Partisan Conflict Political Fallout Over Sex Scandal

The Bundestag has appointed an investigation committee to unravel who knew what, and when, about accusations that then-legislator Sebastian Edathy downloaded child pornography from the Internet.
Sebastian Edathy says he has nothing to lose - but the others?

Sebastian Edathy knows better than anyone that he is the big loser in this ugly affair. Ever since investigations involving allegations that he possessed child pornography became public 10 months ago, the life of the former member of the German legislature’s lower house, the Bundestag, has been turned upside down.

"The politician Edathy no longer exists; I now live my life in exceptional circumstances,” he said in an interview in Berlin last Thursday in the Social Democrat’s first public appearance since the scandal broke.

His case is currently with the Verden criminal court in the state of Lower Saxony.

The affair, as it became clear in the course of his statement, has no winners, only losers.

From a political point of view, it is all about who knew what about the suspicions against Mr. Edathy and when, about who spoke about it with whom and when, and about who possibly lied about it publicly.

The Bundestag has appointed its own investigation committee in a move to reconstruct the flow of information.

Suspicion exists that Mr. Edathy was warned by someone in his center-left party, the Social Democrats, before the investigations began. That would be critical, not least because Mr. Edathy is suspected of having removed evidence before the investigations began in February. The SPD is the minority partner in Germany’s right-left federal coalition government

The Bundestag has appointed its own investigation committee in a move to reconstruct the flow of information.

On Thursday, Mr. Edathy and SPD politician Michael Hartmann gave evidence before the committee. Their appearance did not provide answers to many open questions.

New accusations, however, are to be addressed following Mr. Edathy’s testimony. And new losers have emerged, too, even if the consequences are unclear.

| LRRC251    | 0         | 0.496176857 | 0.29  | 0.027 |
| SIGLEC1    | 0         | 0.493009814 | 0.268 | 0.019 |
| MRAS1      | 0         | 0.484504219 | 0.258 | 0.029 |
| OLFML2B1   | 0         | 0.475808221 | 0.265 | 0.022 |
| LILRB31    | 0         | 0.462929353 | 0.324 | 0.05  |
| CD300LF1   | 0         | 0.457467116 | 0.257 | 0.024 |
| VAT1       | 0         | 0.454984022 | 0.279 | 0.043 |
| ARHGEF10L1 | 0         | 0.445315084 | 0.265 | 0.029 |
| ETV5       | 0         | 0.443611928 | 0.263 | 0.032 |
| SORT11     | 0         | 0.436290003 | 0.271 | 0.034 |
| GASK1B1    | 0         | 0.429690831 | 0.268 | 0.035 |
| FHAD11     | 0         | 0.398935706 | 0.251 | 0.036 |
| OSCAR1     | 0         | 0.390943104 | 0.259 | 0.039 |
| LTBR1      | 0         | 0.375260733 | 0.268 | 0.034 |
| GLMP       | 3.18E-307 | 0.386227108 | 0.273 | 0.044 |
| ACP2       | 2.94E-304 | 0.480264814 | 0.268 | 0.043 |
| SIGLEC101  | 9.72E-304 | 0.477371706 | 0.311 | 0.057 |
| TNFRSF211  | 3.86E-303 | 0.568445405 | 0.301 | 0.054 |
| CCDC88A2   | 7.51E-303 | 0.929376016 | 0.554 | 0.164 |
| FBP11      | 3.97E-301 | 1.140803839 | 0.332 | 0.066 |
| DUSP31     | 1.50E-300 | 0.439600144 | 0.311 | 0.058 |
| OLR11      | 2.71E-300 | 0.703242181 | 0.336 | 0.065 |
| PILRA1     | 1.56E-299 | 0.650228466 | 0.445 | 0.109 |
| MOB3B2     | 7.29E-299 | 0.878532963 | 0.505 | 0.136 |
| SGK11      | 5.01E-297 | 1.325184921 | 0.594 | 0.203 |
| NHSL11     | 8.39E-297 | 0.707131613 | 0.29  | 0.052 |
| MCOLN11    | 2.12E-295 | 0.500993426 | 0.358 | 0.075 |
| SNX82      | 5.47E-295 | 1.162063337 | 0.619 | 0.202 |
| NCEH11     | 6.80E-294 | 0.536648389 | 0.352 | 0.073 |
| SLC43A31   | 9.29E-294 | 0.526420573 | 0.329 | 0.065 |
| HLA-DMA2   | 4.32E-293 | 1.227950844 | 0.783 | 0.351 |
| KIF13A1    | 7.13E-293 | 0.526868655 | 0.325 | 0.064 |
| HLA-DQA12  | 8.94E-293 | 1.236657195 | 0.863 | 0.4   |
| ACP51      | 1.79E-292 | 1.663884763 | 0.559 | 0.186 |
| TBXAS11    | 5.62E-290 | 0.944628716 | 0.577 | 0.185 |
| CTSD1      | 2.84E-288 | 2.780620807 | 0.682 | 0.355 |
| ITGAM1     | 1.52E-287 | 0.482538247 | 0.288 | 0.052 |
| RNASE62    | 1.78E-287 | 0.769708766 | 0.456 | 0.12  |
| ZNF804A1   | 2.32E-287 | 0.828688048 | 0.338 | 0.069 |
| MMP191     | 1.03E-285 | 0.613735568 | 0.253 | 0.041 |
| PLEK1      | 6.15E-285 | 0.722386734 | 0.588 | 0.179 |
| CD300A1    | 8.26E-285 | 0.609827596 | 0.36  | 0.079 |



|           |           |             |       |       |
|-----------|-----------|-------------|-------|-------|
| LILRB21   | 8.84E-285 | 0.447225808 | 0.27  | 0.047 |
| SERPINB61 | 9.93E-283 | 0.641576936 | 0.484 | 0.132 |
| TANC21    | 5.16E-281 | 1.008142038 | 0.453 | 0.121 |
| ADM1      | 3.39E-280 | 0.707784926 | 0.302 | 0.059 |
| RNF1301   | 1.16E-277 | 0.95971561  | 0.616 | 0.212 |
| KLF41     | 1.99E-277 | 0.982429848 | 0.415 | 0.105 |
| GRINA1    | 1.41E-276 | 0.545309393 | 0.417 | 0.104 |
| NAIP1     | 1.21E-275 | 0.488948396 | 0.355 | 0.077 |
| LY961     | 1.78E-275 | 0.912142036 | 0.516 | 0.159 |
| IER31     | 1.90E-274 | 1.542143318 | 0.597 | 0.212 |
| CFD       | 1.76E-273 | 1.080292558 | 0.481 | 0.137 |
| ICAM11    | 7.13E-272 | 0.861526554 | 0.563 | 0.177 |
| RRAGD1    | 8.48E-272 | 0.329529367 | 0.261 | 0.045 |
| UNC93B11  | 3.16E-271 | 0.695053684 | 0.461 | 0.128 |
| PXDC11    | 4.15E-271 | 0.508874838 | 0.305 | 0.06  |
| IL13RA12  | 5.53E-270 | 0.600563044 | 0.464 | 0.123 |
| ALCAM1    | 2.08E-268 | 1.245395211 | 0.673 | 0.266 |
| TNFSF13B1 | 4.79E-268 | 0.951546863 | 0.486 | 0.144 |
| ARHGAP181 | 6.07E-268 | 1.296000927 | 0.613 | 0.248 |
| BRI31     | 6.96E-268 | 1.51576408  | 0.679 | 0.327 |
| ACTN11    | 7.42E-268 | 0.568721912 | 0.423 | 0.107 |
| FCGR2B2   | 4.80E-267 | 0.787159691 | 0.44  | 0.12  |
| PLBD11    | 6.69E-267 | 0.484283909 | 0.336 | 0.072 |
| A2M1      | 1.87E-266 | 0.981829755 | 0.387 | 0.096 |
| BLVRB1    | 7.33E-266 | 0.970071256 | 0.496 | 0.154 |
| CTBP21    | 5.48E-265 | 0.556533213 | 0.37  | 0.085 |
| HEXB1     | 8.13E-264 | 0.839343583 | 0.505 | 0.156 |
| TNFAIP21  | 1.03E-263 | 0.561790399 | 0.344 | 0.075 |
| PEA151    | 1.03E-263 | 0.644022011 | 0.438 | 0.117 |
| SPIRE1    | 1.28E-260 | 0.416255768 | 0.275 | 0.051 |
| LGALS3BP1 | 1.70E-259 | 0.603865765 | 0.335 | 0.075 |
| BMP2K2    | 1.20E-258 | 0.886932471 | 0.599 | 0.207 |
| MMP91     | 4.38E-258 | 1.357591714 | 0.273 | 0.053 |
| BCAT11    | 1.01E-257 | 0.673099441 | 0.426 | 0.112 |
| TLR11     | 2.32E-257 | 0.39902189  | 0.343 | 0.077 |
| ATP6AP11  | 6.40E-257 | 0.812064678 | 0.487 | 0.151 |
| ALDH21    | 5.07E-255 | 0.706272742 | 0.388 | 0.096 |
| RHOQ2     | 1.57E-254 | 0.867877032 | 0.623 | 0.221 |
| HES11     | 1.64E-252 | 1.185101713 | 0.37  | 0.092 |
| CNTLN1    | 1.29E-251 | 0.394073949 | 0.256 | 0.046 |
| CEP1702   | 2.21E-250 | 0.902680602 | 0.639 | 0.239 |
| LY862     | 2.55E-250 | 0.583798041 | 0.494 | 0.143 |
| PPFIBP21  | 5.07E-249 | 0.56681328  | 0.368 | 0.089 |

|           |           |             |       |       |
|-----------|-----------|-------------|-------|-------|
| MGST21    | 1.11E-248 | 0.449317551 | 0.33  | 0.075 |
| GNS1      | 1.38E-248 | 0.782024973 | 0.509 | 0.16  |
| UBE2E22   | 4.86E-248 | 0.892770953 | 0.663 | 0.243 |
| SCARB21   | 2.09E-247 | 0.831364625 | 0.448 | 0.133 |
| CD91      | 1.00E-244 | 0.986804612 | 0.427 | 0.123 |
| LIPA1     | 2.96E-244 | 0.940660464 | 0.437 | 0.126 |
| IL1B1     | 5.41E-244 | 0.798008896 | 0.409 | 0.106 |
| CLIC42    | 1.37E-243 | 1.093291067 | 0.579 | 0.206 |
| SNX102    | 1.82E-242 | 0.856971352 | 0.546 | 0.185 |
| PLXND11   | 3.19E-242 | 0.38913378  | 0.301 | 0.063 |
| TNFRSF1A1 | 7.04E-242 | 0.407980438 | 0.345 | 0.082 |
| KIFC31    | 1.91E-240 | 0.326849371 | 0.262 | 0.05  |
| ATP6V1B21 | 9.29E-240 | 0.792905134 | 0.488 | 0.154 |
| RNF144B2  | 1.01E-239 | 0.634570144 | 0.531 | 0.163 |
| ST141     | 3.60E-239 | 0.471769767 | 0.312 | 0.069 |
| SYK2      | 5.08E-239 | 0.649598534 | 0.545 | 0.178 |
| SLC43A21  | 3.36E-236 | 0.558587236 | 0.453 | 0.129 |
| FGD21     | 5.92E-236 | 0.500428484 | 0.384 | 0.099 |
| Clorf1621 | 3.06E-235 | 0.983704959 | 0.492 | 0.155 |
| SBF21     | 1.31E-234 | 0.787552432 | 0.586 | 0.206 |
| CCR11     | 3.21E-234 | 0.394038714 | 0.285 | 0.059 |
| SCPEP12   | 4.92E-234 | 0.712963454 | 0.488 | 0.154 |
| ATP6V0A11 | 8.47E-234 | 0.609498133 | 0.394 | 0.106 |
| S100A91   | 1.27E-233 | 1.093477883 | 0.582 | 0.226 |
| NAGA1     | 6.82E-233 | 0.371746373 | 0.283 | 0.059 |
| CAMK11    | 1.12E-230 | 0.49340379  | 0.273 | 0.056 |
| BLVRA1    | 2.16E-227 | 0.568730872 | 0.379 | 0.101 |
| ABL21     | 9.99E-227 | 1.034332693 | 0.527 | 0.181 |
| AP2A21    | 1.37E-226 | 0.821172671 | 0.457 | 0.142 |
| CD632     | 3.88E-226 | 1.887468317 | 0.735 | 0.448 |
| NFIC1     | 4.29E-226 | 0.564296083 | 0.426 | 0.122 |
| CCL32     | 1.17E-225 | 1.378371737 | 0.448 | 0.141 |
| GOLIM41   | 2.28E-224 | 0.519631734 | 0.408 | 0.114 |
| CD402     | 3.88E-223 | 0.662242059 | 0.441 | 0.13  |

For example, Thomas Oppermann, the chairman of the SPD parliamentary group, did not fare well in Mr. Edathy’s testimony. Not that Mr. Oppermann, or anyone else in the party leadership, had informed the former expert for interior policy about the investigations – Mr. Edathy made a point of denying it. But Mr. Edathy accused him of having lied in other matters. Mr. Edathy said Mr. Oppermann had known that the Social Democrats’ Mr. Hartmann was in the picture. Mr. Hartmann denies that.

Another accusation is particularly odious: When Mr. Edathy failed to arrive on time for the roll call of the SPD parliamentary group in mid-December last year, prior to Chancellor Angela Merkel being re-elected, Mr. Oppermann is supposed to have asked Mr. Hartmann how the party should position itself vis-à-vis the media should Mr. Edathy kill himself.

Quelle: dpa
Foreign Minister Frank-Walter Steinmeier is also being indirectly linked to the affair.
(Source: dpa)


Mr. Edathy said he would certainly not put it past Mr. Oppermann to ask such a question, unlike his predecessors, Franz Müntefering or Peter Struck.

In connection with this statement and many others, Mr. Edathy referred to his former confidant, Mr. Hartmann. To back up some of them, Mr. Edathy submitted text messages to the investigation committee from the period between November 2013 and February 2014.

Mr. Edathy claimed Mr. Hartmann informed him about the investigations as early as November 2013 at the SPD party conference in Leipzig. Mr. Hartmann disputes accusation, claiming he didn’t inform Mr. Edathy on that evening. On the contrary, it was Mr. Edathy who revealed to him that he had been a customer of the Canadian company at the center of the investigations.

In many cases, it is one person’s word against another’s.

Jörg Ziercke, the recently retired president of the federal criminal police, was also the subject of new accusations. According to Mr. Edathy, it was he who kept Mr. Hartmann informed, "repeatedly and of his own accord,” about the status of the investigations.

Mr. Edathy said Mr. Ziercke, a member of the Social Democrats, had wanted to avert damage from the party. Mr. Ziercke denies the accusations, which would have been tantamount to disclosure of state secrets.

In many cases, it is one person’s word against another’s - all the more reason why the plausibility and credibility of the persons involved are crucial. And this is exactly where the Social Democrats called Mr. Edathy into question:

"Is he a credible witness?" asked Eva Högl, the chairperson of the committee. Mr. Edathy asserted: "I have nothing more to lose and therefore no reason to lie."

Earlier this year, the affair sparked a heated dispute within the federal coalition government. At that time, interior minister Hans-Peter Friedrich of the Bavarian Christian Social Union, the sister party of Ms. Merkel’s center-right leaning Christian Democratic Union, had to resign. He quit following revelations from Mr. Oppermann that Mr. Friedrich had informed SPD leader Sigmar Gabriel about the investigations at an early stage.

So far, the CSU has refrained from making new attacks on Mr. Oppermann, the chairman of the SPD parliamentary group.

But the CSU still bears a grudge. Hans Reichhart, a CSU board member, said: "If Mr. Oppermann had a trace of honor left, he wouldn’t wait until he was forced to resign, he would draw his own conclusions."


Till Hoppe covers politics for Handelsblatt in Berlin. To contact the author: [email protected]